A story is told to engage the imagination and the sense of wonder. A tale that does so will stay in memory… making it a perfect vessel to hold a deeper meaning that may lie dormant until we are armed with the tools of life-experience and ready to understand. Many of the tales that have come down to us from the farthest reaches of our collective past are treasure chests of knowledge, allowing us to glimpse not only the belief-systems and cultures that bequeathed them to us, but to lift the veil on the inner workings of the human psyche, both as individuals and as societies.
When Anne Copeland, a student of the Silent eye, first came across a reference to the story of Gilgamesh in a post about our upcoming workshop, Lord of the Deep, she became fascinated by the story. Instead of simply reading the ancient Epic, she looked beyond the surface, seeking for understanding and symbolic meaning… which is exactly what you are supposed to do with these ancient tales.
Anne has yet to recieve a copy of the workbook we have produced for the weekend and has used a different translation from those we have employed… but some of the questions and realisations she has gained may blossom and bear fruit when, in two weeks time, we begin to share the story of the workshop.
Gilgamesh Makes an Appearance at My Home
The first time I read about the oldest piece of literature known, found in Sumeria, I was intrigued and had to find a copy and read it. I had absolutely no clue as to what the story could contain that might be of specific interest to me, and yet as I began to read it, I was intrigued and could not stop reading.
In the version I read, which may be different from the version you will be following with the event, Enkidu, who became a best friend of Gilgamesh, was part of the wilderness in a most personal way. It does not even make any sense that he was anything other than an integral part of it. He is shown as the protector of the wilderness, and it is not clear in the reading where the wilderness ends and he begins. It is a beautiful and amazing feat that these Sumerians considered that he was a part of and that the wilderness meant something totally significant to those people, something deep and abiding that the people needed to protect.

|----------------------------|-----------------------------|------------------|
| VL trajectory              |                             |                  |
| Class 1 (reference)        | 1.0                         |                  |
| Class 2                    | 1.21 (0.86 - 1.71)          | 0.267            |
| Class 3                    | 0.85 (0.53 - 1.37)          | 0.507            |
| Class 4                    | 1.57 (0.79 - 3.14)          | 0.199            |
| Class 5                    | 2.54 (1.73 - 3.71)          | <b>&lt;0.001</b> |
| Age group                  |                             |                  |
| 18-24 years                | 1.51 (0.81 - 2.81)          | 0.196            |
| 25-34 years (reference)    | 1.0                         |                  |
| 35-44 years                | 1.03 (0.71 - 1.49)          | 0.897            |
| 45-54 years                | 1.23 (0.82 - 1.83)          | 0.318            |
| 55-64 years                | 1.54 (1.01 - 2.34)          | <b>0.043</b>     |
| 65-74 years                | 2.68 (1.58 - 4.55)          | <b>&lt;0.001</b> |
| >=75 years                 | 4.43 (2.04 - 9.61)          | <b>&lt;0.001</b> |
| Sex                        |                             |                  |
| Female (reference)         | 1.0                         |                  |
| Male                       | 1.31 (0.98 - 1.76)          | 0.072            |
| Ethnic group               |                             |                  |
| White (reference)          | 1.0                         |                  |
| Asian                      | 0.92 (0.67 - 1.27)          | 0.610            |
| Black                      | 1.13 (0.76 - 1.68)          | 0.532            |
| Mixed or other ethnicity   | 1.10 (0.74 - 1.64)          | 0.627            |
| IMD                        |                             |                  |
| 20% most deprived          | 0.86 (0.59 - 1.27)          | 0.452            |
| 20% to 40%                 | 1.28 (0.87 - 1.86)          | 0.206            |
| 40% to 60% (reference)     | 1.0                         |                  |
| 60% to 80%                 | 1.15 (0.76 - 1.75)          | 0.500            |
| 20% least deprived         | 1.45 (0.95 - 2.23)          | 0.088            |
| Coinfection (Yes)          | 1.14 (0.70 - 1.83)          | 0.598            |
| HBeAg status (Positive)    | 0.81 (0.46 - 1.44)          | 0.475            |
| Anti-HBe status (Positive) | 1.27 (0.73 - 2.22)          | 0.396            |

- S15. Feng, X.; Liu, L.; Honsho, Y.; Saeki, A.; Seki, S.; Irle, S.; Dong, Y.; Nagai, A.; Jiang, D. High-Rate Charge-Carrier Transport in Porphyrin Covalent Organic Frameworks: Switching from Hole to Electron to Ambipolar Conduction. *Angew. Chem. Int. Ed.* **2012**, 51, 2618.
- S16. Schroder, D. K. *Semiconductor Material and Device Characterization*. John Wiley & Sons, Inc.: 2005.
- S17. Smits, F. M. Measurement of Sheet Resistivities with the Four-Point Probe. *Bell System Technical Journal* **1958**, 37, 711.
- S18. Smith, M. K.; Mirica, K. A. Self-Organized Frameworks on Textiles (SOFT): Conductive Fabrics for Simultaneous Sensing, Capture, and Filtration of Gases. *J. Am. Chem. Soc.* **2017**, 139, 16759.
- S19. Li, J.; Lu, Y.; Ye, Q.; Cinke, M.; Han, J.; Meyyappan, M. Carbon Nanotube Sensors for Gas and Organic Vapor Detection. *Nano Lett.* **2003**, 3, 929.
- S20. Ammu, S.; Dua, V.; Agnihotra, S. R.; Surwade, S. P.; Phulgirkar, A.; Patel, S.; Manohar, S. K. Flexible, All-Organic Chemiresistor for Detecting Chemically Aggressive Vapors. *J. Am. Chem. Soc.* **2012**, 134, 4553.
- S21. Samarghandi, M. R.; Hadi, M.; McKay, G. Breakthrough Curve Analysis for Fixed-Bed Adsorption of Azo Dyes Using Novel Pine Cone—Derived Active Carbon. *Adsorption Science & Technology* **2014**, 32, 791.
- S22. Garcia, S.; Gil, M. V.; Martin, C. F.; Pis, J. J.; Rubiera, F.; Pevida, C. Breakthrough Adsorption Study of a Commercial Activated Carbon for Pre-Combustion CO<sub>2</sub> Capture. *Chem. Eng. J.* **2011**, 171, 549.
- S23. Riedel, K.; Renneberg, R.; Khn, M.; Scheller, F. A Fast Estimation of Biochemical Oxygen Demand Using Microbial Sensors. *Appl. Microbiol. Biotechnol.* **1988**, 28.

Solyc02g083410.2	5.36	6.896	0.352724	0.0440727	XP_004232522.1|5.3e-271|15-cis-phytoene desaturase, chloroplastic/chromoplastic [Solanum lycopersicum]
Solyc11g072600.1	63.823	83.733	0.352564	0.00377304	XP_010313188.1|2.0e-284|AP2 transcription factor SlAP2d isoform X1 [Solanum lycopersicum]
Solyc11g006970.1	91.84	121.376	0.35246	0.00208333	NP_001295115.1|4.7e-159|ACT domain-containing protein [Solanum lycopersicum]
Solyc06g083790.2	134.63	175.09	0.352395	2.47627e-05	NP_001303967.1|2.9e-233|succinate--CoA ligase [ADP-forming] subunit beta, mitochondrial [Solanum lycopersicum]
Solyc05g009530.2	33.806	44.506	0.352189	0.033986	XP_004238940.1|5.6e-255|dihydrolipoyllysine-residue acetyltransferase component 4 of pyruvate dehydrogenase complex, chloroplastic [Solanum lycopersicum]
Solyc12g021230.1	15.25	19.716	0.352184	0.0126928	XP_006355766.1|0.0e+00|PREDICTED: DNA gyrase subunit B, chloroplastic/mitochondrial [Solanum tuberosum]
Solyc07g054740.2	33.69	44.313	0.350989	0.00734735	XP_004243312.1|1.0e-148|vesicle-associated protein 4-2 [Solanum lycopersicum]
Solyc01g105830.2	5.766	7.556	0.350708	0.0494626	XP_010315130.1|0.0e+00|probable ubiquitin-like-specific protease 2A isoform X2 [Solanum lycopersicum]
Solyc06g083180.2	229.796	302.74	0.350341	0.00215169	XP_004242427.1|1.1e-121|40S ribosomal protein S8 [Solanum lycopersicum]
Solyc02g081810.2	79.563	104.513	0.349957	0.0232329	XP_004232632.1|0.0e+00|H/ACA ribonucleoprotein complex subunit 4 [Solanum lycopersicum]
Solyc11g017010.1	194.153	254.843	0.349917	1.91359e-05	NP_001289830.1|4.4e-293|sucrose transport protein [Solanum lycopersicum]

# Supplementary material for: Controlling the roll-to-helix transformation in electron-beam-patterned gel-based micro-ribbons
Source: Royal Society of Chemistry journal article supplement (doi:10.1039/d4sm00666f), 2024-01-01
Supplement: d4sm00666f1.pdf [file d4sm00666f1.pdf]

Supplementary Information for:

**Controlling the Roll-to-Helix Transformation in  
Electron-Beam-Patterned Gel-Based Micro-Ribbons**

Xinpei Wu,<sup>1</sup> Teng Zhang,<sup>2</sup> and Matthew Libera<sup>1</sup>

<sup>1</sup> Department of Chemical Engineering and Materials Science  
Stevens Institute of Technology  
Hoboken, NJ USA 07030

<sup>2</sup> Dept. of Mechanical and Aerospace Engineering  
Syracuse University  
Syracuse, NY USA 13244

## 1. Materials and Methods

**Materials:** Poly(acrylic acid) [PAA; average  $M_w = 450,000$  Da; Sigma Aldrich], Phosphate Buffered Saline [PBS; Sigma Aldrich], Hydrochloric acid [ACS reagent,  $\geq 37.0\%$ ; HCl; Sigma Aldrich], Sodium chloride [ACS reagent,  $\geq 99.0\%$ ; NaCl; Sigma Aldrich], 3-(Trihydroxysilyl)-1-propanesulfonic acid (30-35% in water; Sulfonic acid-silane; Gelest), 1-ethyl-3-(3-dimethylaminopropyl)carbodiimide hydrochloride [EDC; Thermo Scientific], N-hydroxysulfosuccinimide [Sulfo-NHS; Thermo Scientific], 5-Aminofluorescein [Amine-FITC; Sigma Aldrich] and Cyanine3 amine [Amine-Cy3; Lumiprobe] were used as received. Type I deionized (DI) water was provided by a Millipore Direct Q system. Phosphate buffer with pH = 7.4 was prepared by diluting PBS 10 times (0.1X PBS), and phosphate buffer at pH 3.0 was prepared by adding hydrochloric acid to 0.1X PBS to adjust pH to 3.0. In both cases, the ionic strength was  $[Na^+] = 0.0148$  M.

And yet, Gilgamesh comes into the story, and when he hears about Enkidu, he wants him to be brought to this place where the Gods he knows dwell. He wants to join with Enkidu in an adventure that he wants to experience, in a world very different from his own. And so it is that the “trapper” comes to bring Enkidu, who is a form of God on his own, to the dwelling place of Gilgamesh. And again, for what most might consider a primitive culture, the Sumerians had a clear understanding of the duality that exists in the world – good and evil, light and dark, droughts and floods, pain and wellness, sorrow and joy, life and death, and each part has its place.
I don’t want to spoil the event for you by giving you the whole story, but I WILL say that this story clearly has helped me to see what my own part in this world is in process of becoming. Is this story truth, or is it a myth or legend? What parts of it do you relate to or wonder about? Is there any part of this that causes you to shudder or feel concerned or uncomfortable? If you could change anything about this story, what might it be? I know I spent a lot of time thinking about this and wishing that certain changes that take place might not have taken place. But then I am just finishing my first year, and endeavoring to understand things that are still new to me. This is not an overnight course or workshop where I spend one entire day and then I am full of great wisdom the next day. How can I understand this duality in life and become one with it? And how can I come to understand and believe that not everything that seems horrible may be so, and that it may or may not be everlasting when it happens?
Although I am not able to be there in person this year, I will definitely be there in spirit. I will be studying this same story and trying to find the depth of meaning for my own life. I wish each and every person in attendance the best that has been, the best that is, and the best that ever will be. Enjoy!!!
You can find out more about Anne at her blog, All in a Day’s Breath
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